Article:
Don Byron - Do the Boomerang (Blue Note, 2006)
Clarinetist and saxophonist Don Byron's eccentricity is well known in the jazz community as he has recorded tributes to musicians of different genres like klezmer artist Mickey Katz and jazz legends Lester Young and Duke Ellington. Add to that list R&B saxophonist Junior Walker, who was active in the Motown scene in the 1960's and 70's. On this album, Byron appropriately concentrates on tenor saxophone and is joined by David Gilmore on guitar, George Colligan on organ, Brad Jones on bass, Rodney Holmes on drums, Curtis Fowlkes trombone and Dean Bowman and Chris Thomas King on vocals. The music on this CD recalls the glory days of rhythm and blues, keeping the songs short and solos to the point. The band works well as a team, with solos being spread generously amongst group members.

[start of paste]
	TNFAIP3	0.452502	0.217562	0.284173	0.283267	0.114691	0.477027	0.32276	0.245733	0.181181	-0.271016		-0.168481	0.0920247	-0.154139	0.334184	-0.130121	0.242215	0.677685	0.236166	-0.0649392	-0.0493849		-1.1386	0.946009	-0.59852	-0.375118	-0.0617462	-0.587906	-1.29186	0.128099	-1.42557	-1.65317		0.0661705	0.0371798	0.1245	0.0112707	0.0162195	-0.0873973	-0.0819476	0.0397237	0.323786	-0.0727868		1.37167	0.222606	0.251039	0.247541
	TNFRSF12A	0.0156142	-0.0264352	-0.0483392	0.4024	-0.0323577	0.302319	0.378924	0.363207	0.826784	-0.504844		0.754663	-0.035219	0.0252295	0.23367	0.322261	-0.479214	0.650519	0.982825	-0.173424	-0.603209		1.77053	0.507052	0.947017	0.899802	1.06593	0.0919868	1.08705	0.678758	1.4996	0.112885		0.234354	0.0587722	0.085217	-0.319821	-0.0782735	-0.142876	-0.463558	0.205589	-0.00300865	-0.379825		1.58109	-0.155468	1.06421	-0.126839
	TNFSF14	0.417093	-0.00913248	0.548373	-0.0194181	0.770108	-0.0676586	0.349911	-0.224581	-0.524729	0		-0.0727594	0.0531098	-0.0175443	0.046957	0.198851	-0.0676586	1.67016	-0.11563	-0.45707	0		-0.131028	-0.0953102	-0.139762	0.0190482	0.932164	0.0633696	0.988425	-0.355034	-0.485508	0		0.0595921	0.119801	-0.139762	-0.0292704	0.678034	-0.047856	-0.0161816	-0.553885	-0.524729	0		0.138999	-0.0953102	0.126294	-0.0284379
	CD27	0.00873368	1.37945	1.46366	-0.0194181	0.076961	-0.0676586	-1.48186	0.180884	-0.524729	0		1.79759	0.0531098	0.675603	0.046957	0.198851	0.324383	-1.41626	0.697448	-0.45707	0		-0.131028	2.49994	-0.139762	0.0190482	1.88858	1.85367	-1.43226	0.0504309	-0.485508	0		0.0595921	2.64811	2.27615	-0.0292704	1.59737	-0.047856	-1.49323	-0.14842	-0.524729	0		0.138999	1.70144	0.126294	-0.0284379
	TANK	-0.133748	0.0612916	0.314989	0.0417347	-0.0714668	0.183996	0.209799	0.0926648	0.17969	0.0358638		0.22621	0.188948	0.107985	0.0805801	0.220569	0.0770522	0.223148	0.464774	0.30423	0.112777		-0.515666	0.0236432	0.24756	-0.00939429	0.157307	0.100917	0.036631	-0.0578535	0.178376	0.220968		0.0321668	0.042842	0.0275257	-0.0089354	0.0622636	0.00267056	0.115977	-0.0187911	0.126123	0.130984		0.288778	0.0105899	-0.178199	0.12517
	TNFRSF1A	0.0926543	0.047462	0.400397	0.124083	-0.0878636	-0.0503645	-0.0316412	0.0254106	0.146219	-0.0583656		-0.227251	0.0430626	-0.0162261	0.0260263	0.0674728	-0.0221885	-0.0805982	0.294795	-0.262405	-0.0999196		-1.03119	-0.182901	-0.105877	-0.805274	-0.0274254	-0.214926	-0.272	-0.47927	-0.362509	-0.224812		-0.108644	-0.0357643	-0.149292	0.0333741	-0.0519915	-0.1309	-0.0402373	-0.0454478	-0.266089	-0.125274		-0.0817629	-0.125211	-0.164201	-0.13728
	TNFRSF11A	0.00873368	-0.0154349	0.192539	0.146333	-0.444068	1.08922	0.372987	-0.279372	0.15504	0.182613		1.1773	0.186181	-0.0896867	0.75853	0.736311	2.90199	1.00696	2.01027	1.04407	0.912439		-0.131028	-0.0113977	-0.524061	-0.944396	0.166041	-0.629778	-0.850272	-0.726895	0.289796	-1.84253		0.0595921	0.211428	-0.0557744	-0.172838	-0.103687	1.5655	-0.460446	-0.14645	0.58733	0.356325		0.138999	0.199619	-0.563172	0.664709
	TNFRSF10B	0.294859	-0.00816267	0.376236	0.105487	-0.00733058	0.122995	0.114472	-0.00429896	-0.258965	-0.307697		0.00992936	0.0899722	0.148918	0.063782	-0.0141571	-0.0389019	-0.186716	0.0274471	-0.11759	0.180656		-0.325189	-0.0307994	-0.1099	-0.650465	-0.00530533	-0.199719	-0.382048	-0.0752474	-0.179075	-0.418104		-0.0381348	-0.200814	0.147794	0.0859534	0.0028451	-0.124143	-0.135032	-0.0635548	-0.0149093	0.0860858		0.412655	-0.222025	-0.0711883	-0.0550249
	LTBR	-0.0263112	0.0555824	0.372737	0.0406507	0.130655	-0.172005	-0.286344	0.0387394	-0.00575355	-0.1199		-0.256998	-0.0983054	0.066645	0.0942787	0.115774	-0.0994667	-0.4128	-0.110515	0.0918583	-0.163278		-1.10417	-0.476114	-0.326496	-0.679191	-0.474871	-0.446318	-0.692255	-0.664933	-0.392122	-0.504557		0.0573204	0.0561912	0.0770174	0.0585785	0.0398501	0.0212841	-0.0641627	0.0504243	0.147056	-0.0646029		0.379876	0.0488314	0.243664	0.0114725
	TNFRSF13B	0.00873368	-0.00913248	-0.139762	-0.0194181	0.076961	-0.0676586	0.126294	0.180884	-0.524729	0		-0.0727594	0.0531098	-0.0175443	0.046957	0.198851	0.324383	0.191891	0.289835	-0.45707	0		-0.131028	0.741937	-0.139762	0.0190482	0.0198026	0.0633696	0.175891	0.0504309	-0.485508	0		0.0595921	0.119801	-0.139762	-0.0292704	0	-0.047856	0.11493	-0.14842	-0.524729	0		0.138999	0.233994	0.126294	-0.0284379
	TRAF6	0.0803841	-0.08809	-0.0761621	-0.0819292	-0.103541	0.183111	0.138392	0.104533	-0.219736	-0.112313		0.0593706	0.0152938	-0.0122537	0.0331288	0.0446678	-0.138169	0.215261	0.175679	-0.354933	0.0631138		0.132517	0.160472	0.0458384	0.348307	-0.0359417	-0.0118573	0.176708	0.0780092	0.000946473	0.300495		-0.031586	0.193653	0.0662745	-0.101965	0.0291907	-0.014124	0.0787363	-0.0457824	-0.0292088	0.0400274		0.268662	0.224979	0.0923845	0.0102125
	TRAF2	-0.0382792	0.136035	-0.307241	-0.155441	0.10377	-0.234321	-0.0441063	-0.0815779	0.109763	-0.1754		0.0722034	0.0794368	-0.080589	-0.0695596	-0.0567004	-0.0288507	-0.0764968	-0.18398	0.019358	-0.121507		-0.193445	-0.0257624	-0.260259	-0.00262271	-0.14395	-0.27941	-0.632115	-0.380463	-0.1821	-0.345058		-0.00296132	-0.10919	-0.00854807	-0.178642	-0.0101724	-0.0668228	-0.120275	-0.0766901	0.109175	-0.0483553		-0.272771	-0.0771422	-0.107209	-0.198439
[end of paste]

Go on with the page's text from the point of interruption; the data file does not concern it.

"Mark Anthony Speaks" has some great soul-jazz guitar from Gilmore and greasy Jimmy Smith style organ, and the uproarious "Shotgun" has some bootin' tenor saxophone and very cool funky vocals, as does "Pucker Up, Buttercup" which covers the poppy end of the Walker spectrum with swirling organ and swinging vocals. "There It Is" is a little out of place, being a James Brown cover, Brown and Walker were both pillars of soul music, but their approaches were quite different. While the focus is primarily on uptempo numbers, "What Does It Take" does slow things a little bit to a slow simmering pace, and "Satan's Blues" is a slow, grinding number that gets down and dirty. While I'd really like to hear more original music from Byron and fewer tributes, there's no denying that this disc is a lot of fun and fans of soul-jazz and old-school R&B should enjoy it. The cover art is really cool too, I wish this was available on vinyl...
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